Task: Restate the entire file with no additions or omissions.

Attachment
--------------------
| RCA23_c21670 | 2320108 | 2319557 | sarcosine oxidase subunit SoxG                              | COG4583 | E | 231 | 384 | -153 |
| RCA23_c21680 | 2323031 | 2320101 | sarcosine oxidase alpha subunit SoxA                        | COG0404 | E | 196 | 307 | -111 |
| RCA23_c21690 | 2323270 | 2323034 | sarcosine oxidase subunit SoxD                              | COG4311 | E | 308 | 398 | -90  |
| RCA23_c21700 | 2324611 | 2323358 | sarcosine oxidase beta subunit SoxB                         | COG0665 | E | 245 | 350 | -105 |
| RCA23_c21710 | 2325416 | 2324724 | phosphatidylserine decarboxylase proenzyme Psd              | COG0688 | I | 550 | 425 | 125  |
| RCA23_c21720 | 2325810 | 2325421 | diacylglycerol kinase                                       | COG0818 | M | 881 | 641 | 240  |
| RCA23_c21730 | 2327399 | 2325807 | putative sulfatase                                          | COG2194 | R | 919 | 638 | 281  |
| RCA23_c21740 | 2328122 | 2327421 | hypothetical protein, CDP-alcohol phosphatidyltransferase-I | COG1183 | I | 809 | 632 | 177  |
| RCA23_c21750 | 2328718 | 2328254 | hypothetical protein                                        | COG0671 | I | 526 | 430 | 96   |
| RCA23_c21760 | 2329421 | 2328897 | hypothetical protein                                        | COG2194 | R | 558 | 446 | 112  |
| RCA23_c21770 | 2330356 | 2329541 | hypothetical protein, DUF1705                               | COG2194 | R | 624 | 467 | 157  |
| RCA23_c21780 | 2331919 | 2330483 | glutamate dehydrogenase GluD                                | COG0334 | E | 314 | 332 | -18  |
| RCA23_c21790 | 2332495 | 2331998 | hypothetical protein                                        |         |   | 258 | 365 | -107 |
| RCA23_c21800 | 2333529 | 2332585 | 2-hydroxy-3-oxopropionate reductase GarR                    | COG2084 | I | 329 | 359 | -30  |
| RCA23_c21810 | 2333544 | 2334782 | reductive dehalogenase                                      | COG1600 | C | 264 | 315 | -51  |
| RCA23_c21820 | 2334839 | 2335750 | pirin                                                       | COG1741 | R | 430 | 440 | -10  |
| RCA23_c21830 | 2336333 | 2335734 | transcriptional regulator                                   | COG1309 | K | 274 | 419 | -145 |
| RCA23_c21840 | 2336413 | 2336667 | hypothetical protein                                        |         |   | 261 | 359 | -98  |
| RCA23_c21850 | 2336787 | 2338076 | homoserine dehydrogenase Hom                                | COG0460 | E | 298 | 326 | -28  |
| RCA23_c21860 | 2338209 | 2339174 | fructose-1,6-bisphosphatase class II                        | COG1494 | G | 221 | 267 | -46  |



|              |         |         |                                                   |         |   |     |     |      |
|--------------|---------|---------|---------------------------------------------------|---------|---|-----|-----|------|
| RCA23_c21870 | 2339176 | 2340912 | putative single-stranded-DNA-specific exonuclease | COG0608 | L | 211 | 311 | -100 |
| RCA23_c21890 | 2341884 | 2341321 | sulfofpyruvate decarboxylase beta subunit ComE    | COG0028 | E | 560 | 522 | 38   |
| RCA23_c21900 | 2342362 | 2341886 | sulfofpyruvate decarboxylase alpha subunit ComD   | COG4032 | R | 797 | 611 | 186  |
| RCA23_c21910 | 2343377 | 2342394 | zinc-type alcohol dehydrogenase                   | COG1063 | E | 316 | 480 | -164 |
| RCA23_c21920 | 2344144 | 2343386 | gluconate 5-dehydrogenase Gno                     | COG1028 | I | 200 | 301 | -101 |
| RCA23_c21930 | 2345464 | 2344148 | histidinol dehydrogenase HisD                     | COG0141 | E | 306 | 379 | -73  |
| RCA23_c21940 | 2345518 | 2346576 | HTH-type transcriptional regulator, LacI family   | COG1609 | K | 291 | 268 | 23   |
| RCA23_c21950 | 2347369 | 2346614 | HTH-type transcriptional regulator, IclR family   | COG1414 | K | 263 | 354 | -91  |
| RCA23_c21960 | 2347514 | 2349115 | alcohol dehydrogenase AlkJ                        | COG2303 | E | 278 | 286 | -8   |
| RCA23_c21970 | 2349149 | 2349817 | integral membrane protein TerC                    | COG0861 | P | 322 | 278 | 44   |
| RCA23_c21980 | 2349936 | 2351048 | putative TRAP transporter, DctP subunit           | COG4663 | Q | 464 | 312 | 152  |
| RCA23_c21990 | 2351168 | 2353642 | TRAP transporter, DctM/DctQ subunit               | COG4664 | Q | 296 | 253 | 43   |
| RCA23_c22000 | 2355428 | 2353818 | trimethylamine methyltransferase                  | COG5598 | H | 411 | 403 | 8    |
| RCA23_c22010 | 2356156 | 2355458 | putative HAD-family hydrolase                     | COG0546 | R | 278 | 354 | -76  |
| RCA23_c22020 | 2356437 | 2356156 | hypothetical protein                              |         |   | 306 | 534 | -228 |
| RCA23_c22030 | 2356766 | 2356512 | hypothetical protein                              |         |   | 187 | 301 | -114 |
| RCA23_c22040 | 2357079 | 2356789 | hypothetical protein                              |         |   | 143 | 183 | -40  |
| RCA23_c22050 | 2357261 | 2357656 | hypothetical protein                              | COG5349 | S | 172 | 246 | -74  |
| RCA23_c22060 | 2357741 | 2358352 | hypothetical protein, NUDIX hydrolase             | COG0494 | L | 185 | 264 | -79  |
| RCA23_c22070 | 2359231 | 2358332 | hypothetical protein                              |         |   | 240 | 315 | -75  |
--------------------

| RCA23_c21670 | 2320108 | 2319557 | sarcosine oxidase subunit SoxG                              | COG4583 | E | 231 | 384 | -153 |
| RCA23_c21680 | 2323031 | 2320101 | sarcosine oxidase alpha subunit SoxA                        | COG0404 | E | 196 | 307 | -111 |
| RCA23_c21690 | 2323270 | 2323034 | sarcosine oxidase subunit SoxD                              | COG4311 | E | 308 | 398 | -90  |
| RCA23_c21700 | 2324611 | 2323358 | sarcosine oxidase beta subunit SoxB                         | COG0665 | E | 245 | 350 | -105 |
| RCA23_c21710 | 2325416 | 2324724 | phosphatidylserine decarboxylase proenzyme Psd              | COG0688 | I | 550 | 425 | 125  |
| RCA23_c21720 | 2325810 | 2325421 | diacylglycerol kinase                                       | COG0818 | M | 881 | 641 | 240  |
| RCA23_c21730 | 2327399 | 2325807 | putative sulfatase                                          | COG2194 | R | 919 | 638 | 281  |
| RCA23_c21740 | 2328122 | 2327421 | hypothetical protein, CDP-alcohol phosphatidyltransferase-I | COG1183 | I | 809 | 632 | 177  |
| RCA23_c21750 | 2328718 | 2328254 | hypothetical protein                                        | COG0671 | I | 526 | 430 | 96   |
| RCA23_c21760 | 2329421 | 2328897 | hypothetical protein                                        | COG2194 | R | 558 | 446 | 112  |
| RCA23_c21770 | 2330356 | 2329541 | hypothetical protein, DUF1705                               | COG2194 | R | 624 | 467 | 157  |
| RCA23_c21780 | 2331919 | 2330483 | glutamate dehydrogenase GluD                                | COG0334 | E | 314 | 332 | -18  |
| RCA23_c21790 | 2332495 | 2331998 | hypothetical protein                                        |         |   | 258 | 365 | -107 |
| RCA23_c21800 | 2333529 | 2332585 | 2-hydroxy-3-oxopropionate reductase GarR                    | COG2084 | I | 329 | 359 | -30  |
| RCA23_c21810 | 2333544 | 2334782 | reductive dehalogenase                                      | COG1600 | C | 264 | 315 | -51  |
| RCA23_c21820 | 2334839 | 2335750 | pirin                                                       | COG1741 | R | 430 | 440 | -10  |
| RCA23_c21830 | 2336333 | 2335734 | transcriptional regulator                                   | COG1309 | K | 274 | 419 | -145 |
| RCA23_c21840 | 2336413 | 2336667 | hypothetical protein                                        |         |   | 261 | 359 | -98  |
| RCA23_c21850 | 2336787 | 2338076 | homoserine dehydrogenase Hom                                | COG0460 | E | 298 | 326 | -28  |
| RCA23_c21860 | 2338209 | 2339174 | fructose-1,6-bisphosphatase class II                        | COG1494 | G | 221 | 267 | -46  |



|              |         |         |                                                   |         |   |     |     |      |
|--------------|---------|---------|---------------------------------------------------|---------|---|-----|-----|------|
| RCA23_c21870 | 2339176 | 2340912 | putative single-stranded-DNA-specific exonuclease | COG0608 | L | 211 | 311 | -100 |
| RCA23_c21890 | 2341884 | 2341321 | sulfofpyruvate decarboxylase beta subunit ComE    | COG0028 | E | 560 | 522 | 38   |
| RCA23_c21900 | 2342362 | 2341886 | sulfofpyruvate decarboxylase alpha subunit ComD   | COG4032 | R | 797 | 611 | 186  |
| RCA23_c21910 | 2343377 | 2342394 | zinc-type alcohol dehydrogenase                   | COG1063 | E | 316 | 480 | -164 |
| RCA23_c21920 | 2344144 | 2343386 | gluconate 5-dehydrogenase Gno                     | COG1028 | I | 200 | 301 | -101 |
| RCA23_c21930 | 2345464 | 2344148 | histidinol dehydrogenase HisD                     | COG0141 | E | 306 | 379 | -73  |
| RCA23_c21940 | 2345518 | 2346576 | HTH-type transcriptional regulator, LacI family   | COG1609 | K | 291 | 268 | 23   |
| RCA23_c21950 | 2347369 | 2346614 | HTH-type transcriptional regulator, IclR family   | COG1414 | K | 263 | 354 | -91  |
| RCA23_c21960 | 2347514 | 2349115 | alcohol dehydrogenase AlkJ                        | COG2303 | E | 278 | 286 | -8   |
| RCA23_c21970 | 2349149 | 2349817 | integral membrane protein TerC                    | COG0861 | P | 322 | 278 | 44   |
| RCA23_c21980 | 2349936 | 2351048 | putative TRAP transporter, DctP subunit           | COG4663 | Q | 464 | 312 | 152  |
| RCA23_c21990 | 2351168 | 2353642 | TRAP transporter, DctM/DctQ subunit               | COG4664 | Q | 296 | 253 | 43   |
| RCA23_c22000 | 2355428 | 2353818 | trimethylamine methyltransferase                  | COG5598 | H | 411 | 403 | 8    |
| RCA23_c22010 | 2356156 | 2355458 | putative HAD-family hydrolase                     | COG0546 | R | 278 | 354 | -76  |
| RCA23_c22020 | 2356437 | 2356156 | hypothetical protein                              |         |   | 306 | 534 | -228 |
| RCA23_c22030 | 2356766 | 2356512 | hypothetical protein                              |         |   | 187 | 301 | -114 |
| RCA23_c22040 | 2357079 | 2356789 | hypothetical protein                              |         |   | 143 | 183 | -40  |
| RCA23_c22050 | 2357261 | 2357656 | hypothetical protein                              | COG5349 | S | 172 | 246 | -74  |
| RCA23_c22060 | 2357741 | 2358352 | hypothetical protein, NUDIX hydrolase             | COG0494 | L | 185 | 264 | -79  |
| RCA23_c22070 | 2359231 | 2358332 | hypothetical protein                              |         |   | 240 | 315 | -75  |